Arbitration is considered to be an alternative to court litigation. Medium to large companies, as well as companies belonging to international corporate groups, tend to refrain from engaging in court litigation in Italy – which is considered somewhat unpredictable, both in terms of timing and of substantive outcomes.
In addition, arbitration is now widely applied in corporate disputes (eg, disputes among shareholders or disputes between companies and their directors, auditors, etc). Indeed, according to the most recent statistics published by the Milan Chamber of Arbitration, during 2020, cases related to corporate disputes have increased of 61%. While it can be said that arbitration is the preferred method of dispute resolution with regard to transnational disputes, court litigation is still widely used for domestic disputes and by small to medium-sized enterprises.
The COVID-19 outbreak has positively influenced the arbitration field in the perception of clients and users.
Indeed, as opposed to the ordinary courts that have faced some difficulties in setting up an efficient way to handle the cases, arbitral institution have provided clients with a basically uninterrupted dispute resolution services instead. After all, the efficient use of technology has been a goal of the major arbitral institutions for quite some time and they have therefore been more ready to face the high demand for virtual hearings than national courts.
In this sense, the COVID-19 outbreak has proven the capacity of the international arbitration community to promptly react to the changed landscape.
Over the last few years Italian companies have increasingly resorted to international arbitration, especially in industrial sectors such as energy, construction, procurement, oil and gas, distribution, real estate, pharmaceuticals, aviation and information technology.
Companies involved in the above-mentioned industrial sectors mostly deal with transnational matters and cross-border transactions. As a result, a common playing field to resolve disputes with a certain degree of predictability is much needed, at least with respect to procedure.
International arbitration is key in this respect. The above-mentioned industries seem to be less reluctant to make recourse to arbitration – which, as far as the Italian jurisdiction is concerned, is still considered to be a relatively expensive dispute resolution mechanism. As mentioned, in the last year, cases related to corporate disputes have dramatically increased.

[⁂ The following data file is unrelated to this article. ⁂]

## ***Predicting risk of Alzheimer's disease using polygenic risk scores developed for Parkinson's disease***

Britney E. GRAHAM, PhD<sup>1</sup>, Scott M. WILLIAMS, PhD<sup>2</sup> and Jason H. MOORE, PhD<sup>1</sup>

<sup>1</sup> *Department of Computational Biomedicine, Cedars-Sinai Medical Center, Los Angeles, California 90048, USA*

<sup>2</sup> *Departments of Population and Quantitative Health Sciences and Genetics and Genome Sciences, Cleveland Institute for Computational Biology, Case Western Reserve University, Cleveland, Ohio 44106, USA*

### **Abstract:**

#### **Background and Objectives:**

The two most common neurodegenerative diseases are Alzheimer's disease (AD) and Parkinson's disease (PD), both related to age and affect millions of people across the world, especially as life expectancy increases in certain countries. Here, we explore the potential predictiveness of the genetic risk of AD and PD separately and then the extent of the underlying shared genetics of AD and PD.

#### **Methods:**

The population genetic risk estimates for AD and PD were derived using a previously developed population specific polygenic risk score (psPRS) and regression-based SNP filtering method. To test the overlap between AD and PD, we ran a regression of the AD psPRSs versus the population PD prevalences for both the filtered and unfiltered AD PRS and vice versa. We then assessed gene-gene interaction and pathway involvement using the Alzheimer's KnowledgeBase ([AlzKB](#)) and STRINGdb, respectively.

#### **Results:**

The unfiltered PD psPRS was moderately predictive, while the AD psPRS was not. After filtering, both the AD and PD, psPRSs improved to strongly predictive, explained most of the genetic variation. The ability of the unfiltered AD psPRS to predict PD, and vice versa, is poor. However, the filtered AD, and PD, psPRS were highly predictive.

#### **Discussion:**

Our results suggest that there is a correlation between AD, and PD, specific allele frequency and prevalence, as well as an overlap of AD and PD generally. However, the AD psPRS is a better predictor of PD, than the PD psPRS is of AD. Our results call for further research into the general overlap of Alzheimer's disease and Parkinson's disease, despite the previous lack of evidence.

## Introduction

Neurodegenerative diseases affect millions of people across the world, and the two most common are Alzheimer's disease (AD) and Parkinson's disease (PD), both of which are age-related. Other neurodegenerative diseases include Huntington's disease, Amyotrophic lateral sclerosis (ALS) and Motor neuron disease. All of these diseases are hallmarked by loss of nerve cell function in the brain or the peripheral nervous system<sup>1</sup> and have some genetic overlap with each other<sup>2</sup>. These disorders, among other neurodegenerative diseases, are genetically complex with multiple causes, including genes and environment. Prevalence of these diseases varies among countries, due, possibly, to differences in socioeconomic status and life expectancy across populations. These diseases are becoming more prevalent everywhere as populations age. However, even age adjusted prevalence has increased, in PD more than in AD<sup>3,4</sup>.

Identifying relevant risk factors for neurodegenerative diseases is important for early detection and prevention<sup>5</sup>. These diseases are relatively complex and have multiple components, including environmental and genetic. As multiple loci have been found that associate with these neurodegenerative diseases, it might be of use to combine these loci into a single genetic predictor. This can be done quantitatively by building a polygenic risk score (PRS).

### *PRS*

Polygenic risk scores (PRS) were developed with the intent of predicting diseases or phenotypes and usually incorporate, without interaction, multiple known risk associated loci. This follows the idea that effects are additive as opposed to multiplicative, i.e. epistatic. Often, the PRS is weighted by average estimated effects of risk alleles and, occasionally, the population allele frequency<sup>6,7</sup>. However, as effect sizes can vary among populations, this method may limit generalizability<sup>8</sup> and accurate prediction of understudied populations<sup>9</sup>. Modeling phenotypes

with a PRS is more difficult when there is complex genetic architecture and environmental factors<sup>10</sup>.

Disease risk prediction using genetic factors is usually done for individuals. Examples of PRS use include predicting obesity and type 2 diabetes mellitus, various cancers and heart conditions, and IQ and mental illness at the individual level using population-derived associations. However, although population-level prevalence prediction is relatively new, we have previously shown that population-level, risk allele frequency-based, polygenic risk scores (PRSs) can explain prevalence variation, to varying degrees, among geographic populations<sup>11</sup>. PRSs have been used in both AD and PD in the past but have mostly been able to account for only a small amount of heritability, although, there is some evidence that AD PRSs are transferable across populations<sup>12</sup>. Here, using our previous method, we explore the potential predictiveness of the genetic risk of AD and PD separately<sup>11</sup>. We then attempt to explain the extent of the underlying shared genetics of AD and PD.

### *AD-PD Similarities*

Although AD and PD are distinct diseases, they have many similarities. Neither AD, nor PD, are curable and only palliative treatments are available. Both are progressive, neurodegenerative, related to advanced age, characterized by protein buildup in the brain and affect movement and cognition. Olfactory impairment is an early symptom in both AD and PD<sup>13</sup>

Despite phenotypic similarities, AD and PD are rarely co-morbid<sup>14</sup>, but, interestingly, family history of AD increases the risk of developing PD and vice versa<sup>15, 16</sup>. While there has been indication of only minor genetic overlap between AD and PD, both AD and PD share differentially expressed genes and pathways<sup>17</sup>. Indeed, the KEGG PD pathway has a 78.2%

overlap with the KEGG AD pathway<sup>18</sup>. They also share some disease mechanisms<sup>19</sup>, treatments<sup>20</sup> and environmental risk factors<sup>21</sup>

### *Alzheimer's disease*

No area has actually experienced a particular decrease in international arbitration.
International arbitration cases seated in Italy or involving Italian parties are mainly dealt with under the auspices of three arbitral institutions: the Milan Chamber of Arbitration (CAM), the International Court of Arbitration of the International Chamber of Commerce (ICC) and the Italian Arbitration Association (AIA).
Companies that have more experience in the field of international arbitration, or which are part of international corporate groups, also resort to other arbitral institutions, such as the Swiss Chambers’ Arbitration Institution (SCAA), the German Arbitration Institute (DIS), the Hong Kong International Arbitration Centre (HKIAC) and the London Court of International Arbitration (LCIA). In any event, the ultimate choice of arbitral institution largely depends on the parties’ previous experience and on their respective nationalities.
No new institution has been set up over 2020–21 to the best of the authors’ knowledge.
There are no courts in Italy designed specifically for arbitration matters.
Arbitration in Italy is essentially governed by Articles 806 to 840 of the Italian Code of Civil Procedure (ICCP). In addition to the above provisions, a separate set of rules is provided under Legislative Decree No 5 of 17 January 2003 with respect to arbitration relating to corporate matters.
Italian arbitration law is not based on the UNCITRAL Model Law even though their provisions are substantially aligned; the main exceptions concern the powers of the arbitrators to grant interim and urgent relief, which are denied under Italian law.
The above-mentioned provisions of the ICCP apply to domestic, ad hoc and international arbitrations seated in Italy, but only if they have not been waived by the parties to the arbitration agreement or by the applicable arbitration rules.
Conversely, the public order and mandatory provisions of the law of the seat cannot be waived. Following legislative reform enacted in 2006, Italian law no longer provides for a set of national law provisions specifically governing international arbitration. International arbitration is governed by international conventions, treaties and arbitration rules specific to the case.
Following two comprehensive reforms, enacted in 1994 and 2006 respectively, Italy now has a modern arbitration-friendly regime.
Currently, discussions are underway with regard to a future comprehensive reform of arbitration law, driven, inter alia, by the wish to make arbitration available for low-budget disputes, thus:
Arbitration agreements can be entered into either as a part of a contract (ie, as an arbitration clause) aimed at covering future disputes or as autonomous agreements, usually entered into when a dispute has already arisen.